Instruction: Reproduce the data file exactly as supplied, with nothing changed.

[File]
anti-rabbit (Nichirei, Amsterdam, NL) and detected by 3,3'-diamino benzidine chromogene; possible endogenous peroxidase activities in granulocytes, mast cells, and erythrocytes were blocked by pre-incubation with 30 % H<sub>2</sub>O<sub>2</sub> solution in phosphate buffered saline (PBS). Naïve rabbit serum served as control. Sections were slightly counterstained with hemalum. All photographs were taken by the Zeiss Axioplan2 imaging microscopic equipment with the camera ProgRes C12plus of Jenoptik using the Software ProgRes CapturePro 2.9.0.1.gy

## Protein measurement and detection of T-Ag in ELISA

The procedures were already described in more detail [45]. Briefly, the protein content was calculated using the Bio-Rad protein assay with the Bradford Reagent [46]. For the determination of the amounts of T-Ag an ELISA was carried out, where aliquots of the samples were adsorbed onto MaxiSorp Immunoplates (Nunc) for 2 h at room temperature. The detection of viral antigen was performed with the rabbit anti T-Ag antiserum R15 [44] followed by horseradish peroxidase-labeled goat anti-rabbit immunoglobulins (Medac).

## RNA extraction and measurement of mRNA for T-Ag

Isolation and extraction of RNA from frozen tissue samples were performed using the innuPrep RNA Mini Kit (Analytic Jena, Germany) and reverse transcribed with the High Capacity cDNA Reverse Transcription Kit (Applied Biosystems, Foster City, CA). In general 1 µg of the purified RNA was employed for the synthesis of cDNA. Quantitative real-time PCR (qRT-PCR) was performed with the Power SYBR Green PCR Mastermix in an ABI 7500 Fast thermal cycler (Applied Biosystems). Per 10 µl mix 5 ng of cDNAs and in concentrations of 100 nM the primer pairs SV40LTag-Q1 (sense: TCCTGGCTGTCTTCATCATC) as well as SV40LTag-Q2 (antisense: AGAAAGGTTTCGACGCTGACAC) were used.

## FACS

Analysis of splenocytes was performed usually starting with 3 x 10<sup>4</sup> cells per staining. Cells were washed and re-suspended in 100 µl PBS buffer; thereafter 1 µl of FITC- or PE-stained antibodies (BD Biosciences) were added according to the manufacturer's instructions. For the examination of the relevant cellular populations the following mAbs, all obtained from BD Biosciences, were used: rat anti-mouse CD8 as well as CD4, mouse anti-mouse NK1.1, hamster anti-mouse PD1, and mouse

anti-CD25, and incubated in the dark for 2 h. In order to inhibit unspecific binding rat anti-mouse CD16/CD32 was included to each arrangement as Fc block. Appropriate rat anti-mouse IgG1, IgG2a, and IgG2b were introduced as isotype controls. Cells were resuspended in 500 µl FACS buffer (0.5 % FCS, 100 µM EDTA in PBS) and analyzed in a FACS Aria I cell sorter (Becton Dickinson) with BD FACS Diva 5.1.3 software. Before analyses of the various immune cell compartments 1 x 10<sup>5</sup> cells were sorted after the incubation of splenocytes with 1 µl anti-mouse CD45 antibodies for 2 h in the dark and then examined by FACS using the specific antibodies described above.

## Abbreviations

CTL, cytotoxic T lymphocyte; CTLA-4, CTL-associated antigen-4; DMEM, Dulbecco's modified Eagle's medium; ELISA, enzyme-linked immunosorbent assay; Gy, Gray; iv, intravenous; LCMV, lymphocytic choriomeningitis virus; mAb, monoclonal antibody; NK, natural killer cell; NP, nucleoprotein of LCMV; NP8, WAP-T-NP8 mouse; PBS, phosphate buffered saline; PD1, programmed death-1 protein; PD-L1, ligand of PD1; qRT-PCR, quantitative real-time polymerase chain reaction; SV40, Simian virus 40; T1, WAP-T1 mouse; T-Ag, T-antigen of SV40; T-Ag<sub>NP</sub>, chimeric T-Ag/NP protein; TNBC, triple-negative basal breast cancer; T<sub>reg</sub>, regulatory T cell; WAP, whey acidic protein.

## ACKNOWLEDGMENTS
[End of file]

anti-rabbit (Nichirei, Amsterdam, NL) and detected by 3,3'-diamino benzidine chromogene; possible endogenous peroxidase activities in granulocytes, mast cells, and erythrocytes were blocked by pre-incubation with 30 % H<sub>2</sub>O<sub>2</sub> solution in phosphate buffered saline (PBS). Naïve rabbit serum served as control. Sections were slightly counterstained with hemalum. All photographs were taken by the Zeiss Axioplan2 imaging microscopic equipment with the camera ProgRes C12plus of Jenoptik using the Software ProgRes CapturePro 2.9.0.1.gy

## Protein measurement and detection of T-Ag in ELISA

The procedures were already described in more detail [45]. Briefly, the protein content was calculated using the Bio-Rad protein assay with the Bradford Reagent [46]. For the determination of the amounts of T-Ag an ELISA was carried out, where aliquots of the samples were adsorbed onto MaxiSorp Immunoplates (Nunc) for 2 h at room temperature. The detection of viral antigen was performed with the rabbit anti T-Ag antiserum R15 [44] followed by horseradish peroxidase-labeled goat anti-rabbit immunoglobulins (Medac).

## RNA extraction and measurement of mRNA for T-Ag

Isolation and extraction of RNA from frozen tissue samples were performed using the innuPrep RNA Mini Kit (Analytic Jena, Germany) and reverse transcribed with the High Capacity cDNA Reverse Transcription Kit (Applied Biosystems, Foster City, CA). In general 1 µg of the purified RNA was employed for the synthesis of cDNA. Quantitative real-time PCR (qRT-PCR) was performed with the Power SYBR Green PCR Mastermix in an ABI 7500 Fast thermal cycler (Applied Biosystems). Per 10 µl mix 5 ng of cDNAs and in concentrations of 100 nM the primer pairs SV40LTag-Q1 (sense: TCCTGGCTGTCTTCATCATC) as well as SV40LTag-Q2 (antisense: AGAAAGGTTTCGACGCTGACAC) were used.

## FACS

Analysis of splenocytes was performed usually starting with 3 x 10<sup>4</sup> cells per staining. Cells were washed and re-suspended in 100 µl PBS buffer; thereafter 1 µl of FITC- or PE-stained antibodies (BD Biosciences) were added according to the manufacturer's instructions. For the examination of the relevant cellular populations the following mAbs, all obtained from BD Biosciences, were used: rat anti-mouse CD8 as well as CD4, mouse anti-mouse NK1.1, hamster anti-mouse PD1, and mouse

anti-CD25, and incubated in the dark for 2 h. In order to inhibit unspecific binding rat anti-mouse CD16/CD32 was included to each arrangement as Fc block. Appropriate rat anti-mouse IgG1, IgG2a, and IgG2b were introduced as isotype controls. Cells were resuspended in 500 µl FACS buffer (0.5 % FCS, 100 µM EDTA in PBS) and analyzed in a FACS Aria I cell sorter (Becton Dickinson) with BD FACS Diva 5.1.3 software. Before analyses of the various immune cell compartments 1 x 10<sup>5</sup> cells were sorted after the incubation of splenocytes with 1 µl anti-mouse CD45 antibodies for 2 h in the dark and then examined by FACS using the specific antibodies described above.

## Abbreviations

CTL, cytotoxic T lymphocyte; CTLA-4, CTL-associated antigen-4; DMEM, Dulbecco's modified Eagle's medium; ELISA, enzyme-linked immunosorbent assay; Gy, Gray; iv, intravenous; LCMV, lymphocytic choriomeningitis virus; mAb, monoclonal antibody; NK, natural killer cell; NP, nucleoprotein of LCMV; NP8, WAP-T-NP8 mouse; PBS, phosphate buffered saline; PD1, programmed death-1 protein; PD-L1, ligand of PD1; qRT-PCR, quantitative real-time polymerase chain reaction; SV40, Simian virus 40; T1, WAP-T1 mouse; T-Ag, T-antigen of SV40; T-Ag<sub>NP</sub>, chimeric T-Ag/NP protein; TNBC, triple-negative basal breast cancer; T<sub>reg</sub>, regulatory T cell; WAP, whey acidic protein.

## ACKNOWLEDGMENTS